The White House appears to be preparing the nation for a red-hot inflation report Wednesday morning as the Bureau of Labor Statistics releases its latest Consumer Price Index. The headline figure is expected to show an annual gain of 8.8% for June, which would mark the strongest figure in 41 years. Core CPI, excluding food and energy, is forecast to decline for the third month in a row - from 6% to around 5.7% - though the slight dip is not expected to meaningfully change a Federal Reserve keen on hiking rates aggressively.
Snapshot: As inflation becomes one of the top priorities for Americans, especially ahead of midterm elections, Biden administration officials held a briefing for reporters to "provide context" for the upcoming CPI report. It "will largely not reflect the substantial declines in gas prices we've seen since the middle of June," because that data "captures the average price over the course of a month," said National Economic Council Director Brian Deese and Council of Economic Advisers Chair Cecilia Rouse. Headline inflation has been "heavily driven" by Russia's ongoing war in Ukraine, but "our economy created 372,000 jobs in June, in line with the monthly average in the rest of the second quarter."
"Simply put: This is not what a recession usually looks like," they wrote in an accompanying memo. "While risks are elevated, the strength of the labor market - in addition to other factors like strong household balance sheets - puts the U.S. economy in a better position than many other countries to transition from an historic recovery to lower inflation and stable and steady growth. The best thing Congress can do to improve our chances of accelerating price normalization and successfully transitioning to stable, steady growth is to pass legislation that lowers costs for families - from prescription drugs to utility costs - while reducing the federal budget deficit, in addition to passing the Bipartisan Innovation Act."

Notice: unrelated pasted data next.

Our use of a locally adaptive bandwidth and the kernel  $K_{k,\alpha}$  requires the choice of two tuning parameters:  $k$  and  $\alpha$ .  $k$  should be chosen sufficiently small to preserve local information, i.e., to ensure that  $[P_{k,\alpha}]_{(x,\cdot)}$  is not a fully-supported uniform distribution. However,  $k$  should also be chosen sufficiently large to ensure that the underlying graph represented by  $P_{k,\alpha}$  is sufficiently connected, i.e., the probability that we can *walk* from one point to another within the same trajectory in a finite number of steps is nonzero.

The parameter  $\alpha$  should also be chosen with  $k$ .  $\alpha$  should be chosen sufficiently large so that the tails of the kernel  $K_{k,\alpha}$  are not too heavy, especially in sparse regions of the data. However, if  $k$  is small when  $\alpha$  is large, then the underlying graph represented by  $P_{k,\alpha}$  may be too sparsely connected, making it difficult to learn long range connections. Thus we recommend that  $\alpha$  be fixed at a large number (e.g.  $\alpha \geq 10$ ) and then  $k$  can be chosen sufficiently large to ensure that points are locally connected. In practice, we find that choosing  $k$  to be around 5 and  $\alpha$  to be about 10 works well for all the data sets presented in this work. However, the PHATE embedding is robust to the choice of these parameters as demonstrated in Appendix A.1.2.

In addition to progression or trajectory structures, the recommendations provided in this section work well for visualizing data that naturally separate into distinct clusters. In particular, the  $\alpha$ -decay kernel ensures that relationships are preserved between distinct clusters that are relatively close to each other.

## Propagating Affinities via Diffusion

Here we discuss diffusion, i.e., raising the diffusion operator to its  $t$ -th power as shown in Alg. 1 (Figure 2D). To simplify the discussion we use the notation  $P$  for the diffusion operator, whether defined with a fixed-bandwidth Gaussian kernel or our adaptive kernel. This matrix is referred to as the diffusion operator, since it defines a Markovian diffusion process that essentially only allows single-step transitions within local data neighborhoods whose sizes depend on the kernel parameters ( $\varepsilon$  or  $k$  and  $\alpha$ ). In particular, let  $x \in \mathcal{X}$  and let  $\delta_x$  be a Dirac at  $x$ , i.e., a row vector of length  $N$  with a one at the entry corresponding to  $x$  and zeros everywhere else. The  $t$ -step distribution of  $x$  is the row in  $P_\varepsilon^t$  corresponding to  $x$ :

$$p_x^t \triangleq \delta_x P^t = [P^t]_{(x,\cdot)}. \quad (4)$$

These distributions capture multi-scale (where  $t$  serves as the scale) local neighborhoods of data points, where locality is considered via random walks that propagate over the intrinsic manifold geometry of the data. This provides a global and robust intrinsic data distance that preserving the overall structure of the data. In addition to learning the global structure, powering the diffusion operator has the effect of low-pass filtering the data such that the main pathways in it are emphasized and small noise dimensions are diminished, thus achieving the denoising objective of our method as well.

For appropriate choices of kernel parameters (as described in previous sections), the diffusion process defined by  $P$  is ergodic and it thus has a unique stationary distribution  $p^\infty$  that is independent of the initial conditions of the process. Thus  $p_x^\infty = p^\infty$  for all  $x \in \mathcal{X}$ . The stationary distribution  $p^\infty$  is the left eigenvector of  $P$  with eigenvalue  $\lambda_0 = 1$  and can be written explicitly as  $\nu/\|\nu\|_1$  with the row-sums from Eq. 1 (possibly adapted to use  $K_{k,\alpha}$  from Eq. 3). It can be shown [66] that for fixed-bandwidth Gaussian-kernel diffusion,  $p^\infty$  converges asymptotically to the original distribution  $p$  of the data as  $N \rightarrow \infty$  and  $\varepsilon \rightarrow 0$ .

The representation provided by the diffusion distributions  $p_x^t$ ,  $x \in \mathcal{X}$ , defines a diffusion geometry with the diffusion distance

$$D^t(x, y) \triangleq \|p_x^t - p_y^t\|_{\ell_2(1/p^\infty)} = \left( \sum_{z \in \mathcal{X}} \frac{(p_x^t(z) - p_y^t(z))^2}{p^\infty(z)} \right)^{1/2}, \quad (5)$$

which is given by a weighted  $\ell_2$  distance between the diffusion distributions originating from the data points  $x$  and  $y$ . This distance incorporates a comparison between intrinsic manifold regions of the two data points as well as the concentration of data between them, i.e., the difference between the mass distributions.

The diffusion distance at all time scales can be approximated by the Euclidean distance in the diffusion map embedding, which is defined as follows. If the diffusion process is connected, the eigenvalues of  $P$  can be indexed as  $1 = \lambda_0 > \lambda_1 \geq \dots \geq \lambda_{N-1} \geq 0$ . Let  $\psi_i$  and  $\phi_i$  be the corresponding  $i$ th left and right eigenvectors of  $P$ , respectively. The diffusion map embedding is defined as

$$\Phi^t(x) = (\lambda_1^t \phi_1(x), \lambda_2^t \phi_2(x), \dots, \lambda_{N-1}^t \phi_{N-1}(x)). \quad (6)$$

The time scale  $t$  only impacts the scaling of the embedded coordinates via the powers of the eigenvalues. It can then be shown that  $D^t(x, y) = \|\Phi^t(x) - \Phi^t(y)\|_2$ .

Path of monetary policy? "I think the question later this year is what if this is just a near-term peak and not the absolute peak?" said Michael Gapen, head of U.S. economics at Bank of America. "We think it is unlikely that June CPI will be the first in the string of softer inflation prints that Fed officials focused on observing before shifting away from a very hawkish policy stance," added Citi economist Veronica Clark. "Over the coming months, however, there are some downside risks to CPI from softer goods prices and for cars in particular. Details of monthly CPI prints could become increasingly important for signs that underlying inflationary pressures in services is slowing."